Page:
Applying these criteria we conclude that the pretermination proceedings available to Lunzer satisfied minimum due process standards. Lunzer received at least three letters giving him notice of the charges against him: (1)letter of November1995, notified Lunzer of the nature of the charges of using HRA property for non-HRA purposes and falsifying work orders; (2)letter of November1995, informed Lunzer of charges arising from coworkers' complaints of intimidation and sexual harassment; and (3)letter of January1996, provided details on the dates and places of the allegations against Lunzer, along with the names of the seven women who claimed that Lunzer had harassed them at work. These letters gave Lunzer more than one month to prepare a defense before his hearing with HRA Executive Director James Heltzer on February 16, 1996. In addition the record lacks any basis from which to conclude that Heltzer was a biased decision-maker; in particular, Heltzer was not directly involved in any of the incidents that prompted Lunzer's termination. See Ginsberg v. Department of Jobs & Training, 481 N.W.2d 138, 141 (Minn. App. 1992) ("[A]n official who has been involved in the particular aspect of a case under review should not also participate in the decisionmaking process."), review denied (Minn. Apr. 9, 1992).

Lunzer next argues that the HRA Executive Director's decision was made under an erroneous theory of law. He bases this argument on the inclusion of the following statement in his termination letter: "HRA employees are employees-at-will and may be terminated at any time for any reason whatsoever." Although this statement is inconsistent with the personnel manual provision that regular full-time employees such as Lunzer could only be terminated for cause, the Executive Director ultimately based his decision on findings that Lunzer had violated HRA policies. Viewing the termination letter as a whole, we conclude that the Executive Director based his decision on the correct standard.

Lunzer also contends that his discharge was arbitrary, oppressive, and unreasonable, primarily because it was based in part on allegations of sexual harassment that the HRA did not bring to Lunzer's attention in his initial suspension notice or in an evaluation that he received approximately one week before that notice. The HRA maintains that it investigated the complaints of sexual harassment as soon as the agency became aware of them. We do not find that the HRA's actions were arbitrary or unreasonable. We also find nothing in the record to suggest that the Executive Director acted in an oppressive manner.
Lunzer also asserts a substantive due process argument. Because we reject Lunzer's claim of arbitrariness, we also conclude that his discharge did not violate any substantive due process rights. See Ross v. University of Minnesota, 439 N.W.2d 28, 34 (Minn. App. 1989) (discussing need to demonstrate arbitrary dismissal in order to establish violation of substantive due process), review denied (Minn. July 12, 1989).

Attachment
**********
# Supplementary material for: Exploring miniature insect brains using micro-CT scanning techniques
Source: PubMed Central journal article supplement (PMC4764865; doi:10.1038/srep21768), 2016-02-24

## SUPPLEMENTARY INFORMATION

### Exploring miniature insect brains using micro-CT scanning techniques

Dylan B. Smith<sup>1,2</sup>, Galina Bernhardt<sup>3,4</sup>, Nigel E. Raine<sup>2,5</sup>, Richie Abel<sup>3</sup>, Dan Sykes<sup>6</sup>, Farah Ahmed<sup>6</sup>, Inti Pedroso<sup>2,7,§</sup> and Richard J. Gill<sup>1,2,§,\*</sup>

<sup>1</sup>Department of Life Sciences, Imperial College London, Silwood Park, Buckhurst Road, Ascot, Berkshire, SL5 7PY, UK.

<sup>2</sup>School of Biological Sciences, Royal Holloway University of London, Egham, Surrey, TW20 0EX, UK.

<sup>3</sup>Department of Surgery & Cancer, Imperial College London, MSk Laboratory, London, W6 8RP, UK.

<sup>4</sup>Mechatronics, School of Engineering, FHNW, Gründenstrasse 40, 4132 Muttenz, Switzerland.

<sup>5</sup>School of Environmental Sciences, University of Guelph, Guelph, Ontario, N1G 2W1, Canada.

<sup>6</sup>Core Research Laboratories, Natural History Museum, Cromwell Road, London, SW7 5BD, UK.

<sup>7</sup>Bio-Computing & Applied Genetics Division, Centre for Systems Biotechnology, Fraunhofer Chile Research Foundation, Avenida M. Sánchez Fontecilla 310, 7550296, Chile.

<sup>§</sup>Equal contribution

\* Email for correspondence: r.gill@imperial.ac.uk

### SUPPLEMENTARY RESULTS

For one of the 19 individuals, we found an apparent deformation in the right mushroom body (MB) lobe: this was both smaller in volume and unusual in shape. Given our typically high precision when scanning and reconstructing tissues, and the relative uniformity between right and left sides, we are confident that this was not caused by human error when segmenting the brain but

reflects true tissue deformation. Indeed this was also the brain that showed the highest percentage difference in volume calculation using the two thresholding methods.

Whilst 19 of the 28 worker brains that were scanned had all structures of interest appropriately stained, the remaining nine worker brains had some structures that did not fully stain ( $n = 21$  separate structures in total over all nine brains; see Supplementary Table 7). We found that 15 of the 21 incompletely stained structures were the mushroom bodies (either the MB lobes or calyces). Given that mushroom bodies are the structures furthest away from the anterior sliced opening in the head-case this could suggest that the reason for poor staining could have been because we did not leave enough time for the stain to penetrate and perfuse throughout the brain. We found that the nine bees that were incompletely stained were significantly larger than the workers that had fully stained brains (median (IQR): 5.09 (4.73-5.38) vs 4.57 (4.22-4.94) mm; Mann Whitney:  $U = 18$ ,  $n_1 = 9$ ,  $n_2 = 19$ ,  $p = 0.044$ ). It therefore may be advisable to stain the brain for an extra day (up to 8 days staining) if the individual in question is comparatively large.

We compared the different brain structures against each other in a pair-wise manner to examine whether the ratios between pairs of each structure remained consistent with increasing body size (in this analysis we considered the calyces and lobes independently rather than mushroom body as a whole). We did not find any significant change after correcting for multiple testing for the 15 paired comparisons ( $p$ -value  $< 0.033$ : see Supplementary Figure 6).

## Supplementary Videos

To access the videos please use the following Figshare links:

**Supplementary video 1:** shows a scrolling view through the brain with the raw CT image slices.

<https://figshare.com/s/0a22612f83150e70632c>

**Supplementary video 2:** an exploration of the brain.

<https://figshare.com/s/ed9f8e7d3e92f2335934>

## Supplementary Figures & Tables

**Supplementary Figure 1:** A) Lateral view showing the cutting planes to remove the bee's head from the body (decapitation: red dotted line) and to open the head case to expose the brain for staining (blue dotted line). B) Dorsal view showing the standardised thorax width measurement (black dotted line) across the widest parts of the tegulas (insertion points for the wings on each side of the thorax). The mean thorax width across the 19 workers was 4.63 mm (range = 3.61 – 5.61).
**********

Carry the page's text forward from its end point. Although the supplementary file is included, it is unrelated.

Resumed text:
Finally, Lunzer claims that his discharge was not supported by the evidence. HRA Executive Director James Heltzer found cause to dismiss Lunzer based on violations of the agency's sexual harassment policy. Heltzer also found that Lunzer's circumstances fit within the bases for immediate dismissal under the personnel manual rules against "[w]illful misconduct other than minor rule violations" and "[o]ffensive use of language or conduct toward the public or other employees."
The record contains summaries of the complaints of seven of Lunzer's female coworkers who reported to the HRA that Lunzer had made sexually suggestive comments to them. One of those workers also petitioned for a harassment restraining order against Lunzer; in a transcript of the harassment restraining order proceedings, the woman claimed that Lunzer had made sexual remarks to her, had gestured to her in a threatening manner, and had threatened to kill her husband. These documents provided sufficient support for the Executive Director's decision to terminate Lunzer.

In addition to seeking review of the HRA's termination decision, Lunzer argues that we should rule on the propriety of any future claims that he may bring in the district court under theories of breach of contract or tort. But Lunzer has not yet filed any of these claims in the district court. Because there is no live, justiciable controversy, and because of the limited scope of our review on certiorari, we do not address Lunzer's prospective claims. See In re Welfare of A.L.J., 300 Minn. 542, 544, 220 N.W.2d 303, 304 (1974) (stating that supreme court lacked authority under rules of appellate procedure to issue an advisory opinion); State ex rel. Nordin v. Probate Court, 200 Minn. 167, 169, 273 N.W. 636, 637 (1937) (observing that the function of a writ of certiorari is to allow a court to "review and correct decisions and determinations already made"); see also Zahavy v. University of Minnesota, 544 N.W.2d 32, 42 (Minn. App. 1996) (declining to consider petitioner's breach of contract argument on a certiorari review of a termination decision), review denied (Minn. May1996).